Sarah (SK) Hutchings – Middle School Teacher of the Year 

Middle School Teacher of the Year SK Hutchings Photo

Middle School Teacher of the Year Winner SK Hutchings with Superintendent Randy Fuller.

Hutchings has been teaching for 11 years and currently teaches 8th-grade English Language Arts at Oak Mountain Middle School.  She serves in many different leadership positions, including as the coordinator and teacher for the Saturday School intervention program, Department Chair for the English Languages Arts department, OMMS Leadership Team, and the Continuous School Improvement Team.  She is also the tournament director for the Screamin’ Eagle Volleyball Tournament and the sponsor for the Battle of the Books team.  She also served as the head volleyball coach for the seventh-grade from 2008-2012, where she was honored as the Metro South Conference Coach of the Year in 2008-2009.

Hutchings said she feels strongly that teaching is a service-oriented activity, and she is firmly committed to her community by striving for excellence in her field.

“It is not just a job – it is a vocation, one I feel irresistibly called to do. As such, I use my classroom to foster community-mindedness in my students. We collect nonperishables for our school’s food drive benefiting two local charities, regularly discussing true needs and our duty as humans to care for one another,” said Hutchings.

When the school hold’s it annual fund-raising drive for the Marine Corps’ Toys for Tots, Hutchings uses ‘An Open Heart’ by Judith MacKenzie to foster compassion, to provide an opportunity for self-analysis, and to reveal stereotypes about poverty.

“We connect intimately what we learn of the human condition in this story, and many pieces of literature, to our present lives and the need to do something with that knowledgelooking beyond ourselves to serve our neighbors and our community,” she wrote in her essay.

Hutchings said she was influenced by many individuals in choosing and growing in the teaching profession, from coaches, teachers, and college professors.   But, it was her parents who had the biggest impact in shaping her and her decision to become a teacher.

“My mother talked openly with me about the practical side of learning. Much like John Dewey, she impressed upon me that knowledge has to have a purpose, that use and pragmatism make daily life livable, successful, and enjoyable,” Hutchings said. “Perhaps it was her career in social work that made her views so resolutely constant in our home life, and her inexorable truth is that knowledge must improve the lives of our community, not just the elite.”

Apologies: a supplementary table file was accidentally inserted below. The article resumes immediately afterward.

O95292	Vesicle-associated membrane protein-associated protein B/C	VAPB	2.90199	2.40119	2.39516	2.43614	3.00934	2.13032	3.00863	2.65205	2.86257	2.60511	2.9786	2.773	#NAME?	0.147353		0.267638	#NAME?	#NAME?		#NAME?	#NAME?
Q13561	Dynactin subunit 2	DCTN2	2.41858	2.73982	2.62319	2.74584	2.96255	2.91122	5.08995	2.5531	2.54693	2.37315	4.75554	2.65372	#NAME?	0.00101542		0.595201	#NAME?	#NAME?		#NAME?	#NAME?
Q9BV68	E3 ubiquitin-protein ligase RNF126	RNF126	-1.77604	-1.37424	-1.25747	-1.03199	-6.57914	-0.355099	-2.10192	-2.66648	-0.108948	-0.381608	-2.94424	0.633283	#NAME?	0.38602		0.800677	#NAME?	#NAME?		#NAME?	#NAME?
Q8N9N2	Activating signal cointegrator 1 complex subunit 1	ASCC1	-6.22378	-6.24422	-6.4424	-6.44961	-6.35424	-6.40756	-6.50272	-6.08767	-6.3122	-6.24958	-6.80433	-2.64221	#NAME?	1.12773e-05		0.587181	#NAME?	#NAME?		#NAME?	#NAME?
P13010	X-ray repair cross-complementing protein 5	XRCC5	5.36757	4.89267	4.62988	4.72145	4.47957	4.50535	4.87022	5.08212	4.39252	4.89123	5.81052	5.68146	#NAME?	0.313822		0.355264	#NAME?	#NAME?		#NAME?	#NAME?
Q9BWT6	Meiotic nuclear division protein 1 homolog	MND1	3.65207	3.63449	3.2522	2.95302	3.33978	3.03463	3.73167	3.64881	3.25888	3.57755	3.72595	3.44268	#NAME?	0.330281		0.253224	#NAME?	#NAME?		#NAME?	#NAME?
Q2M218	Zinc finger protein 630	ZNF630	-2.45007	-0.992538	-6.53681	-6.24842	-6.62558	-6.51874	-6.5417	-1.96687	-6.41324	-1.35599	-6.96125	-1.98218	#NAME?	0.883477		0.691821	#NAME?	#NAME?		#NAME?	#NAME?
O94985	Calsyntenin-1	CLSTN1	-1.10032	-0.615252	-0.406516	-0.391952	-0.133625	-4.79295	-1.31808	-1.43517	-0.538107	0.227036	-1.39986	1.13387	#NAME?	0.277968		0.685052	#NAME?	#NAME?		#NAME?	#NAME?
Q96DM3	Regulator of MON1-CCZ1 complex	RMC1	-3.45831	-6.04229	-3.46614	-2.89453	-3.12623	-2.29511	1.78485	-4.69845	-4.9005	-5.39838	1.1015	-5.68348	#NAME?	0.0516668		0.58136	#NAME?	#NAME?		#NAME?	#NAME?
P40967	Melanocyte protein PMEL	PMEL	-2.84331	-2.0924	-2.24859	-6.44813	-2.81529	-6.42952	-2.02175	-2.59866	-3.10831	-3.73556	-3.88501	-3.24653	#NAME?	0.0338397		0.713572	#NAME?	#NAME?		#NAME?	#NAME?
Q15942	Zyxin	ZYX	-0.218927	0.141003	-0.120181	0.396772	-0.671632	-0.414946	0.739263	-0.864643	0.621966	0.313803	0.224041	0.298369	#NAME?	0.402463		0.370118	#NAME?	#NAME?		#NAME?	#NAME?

Hutching said while her mother talked to her about educational pragmatism, her father talked about the joy of learning, the thrill of discovery, and the value of failure.

“Looking back, I realize how carefully he trained me,” she said. “He made figuring out the ‘why’ of a situation a game, he made looking beyond superficial knowledge requisite, and he made connecting knowledge across content areas commonplace. He showed me how to be a joyful and eager lifelong learner.

Hutchings believes all of these influential people in her life fostered three things that she best contributes to her field: a sharp intellect that is well-steeped in content knowledge; a highly curious mind that is not satisfied with cursory ideas, shallow methodology, or making a change just for change’s sake; and a passion about educating the whole student (both mind and soul).

“These three contributions have led me to my greatest accomplishments,”  These accomplishments are not flashy, well-publicized, or engraved on plaques. Instead, they are conversations and interactions with my students and their parents. They are emails years later from students sharing their learning and lives with me. It is exciting to hear students report that they have used research skills from my class in high school and that they have built upon what I have taught them. It is even more rewarding to have students and parents tell me about the impact I’ve had on their hearts.”

I care not for winning awards. I care for my students. They are my greatest accomplishment,” Hutchings said.

Hutchings said she believes the biggest issue facing education today is that students are not being given an opportunity to learn important life lessons that come along with failure. A culture of instant access, instant feedback, and smart technology leads to the desire for instant success. Yet, Hutchings believes true success stems from work, from growth, and from time – not instant understanding.

“We educators often use terms like ‘lifelong learner,’ ‘problem solving,’ and ‘grit.’ However, our culture does not often approve of actual situations where students are allowed to struggle, to grapple, to give sustained effort and not succeed the first time,” Hutching said. “You see, those situations don’t yield an immediate ‘A’. Good teachers know that true learning is not from earning an ‘A’, but rather true learning comes from solving problems, which inevitably is messy, frustrating, and challenging for students.”

It is a lesson she had to learn herself when she started to struggle for the first time as a student in an eighth-grade algebra class that she barely passed.

“I had a real struggle, I had repeated failures, and I am a better learner now for it. I had adults who supported me but didn’t cheapen my experience with useless platitudes,” she said.

Hutchings said she has seen this pressure for instant, artificial success in her classroom and the toll it takes on students. More importantly, she has seen how if given the chance, failure – and the experience of what to do with failure – can be transformative.

Hutchings said she is delighted when she hears from former students and their parents about the difference she made in their lives.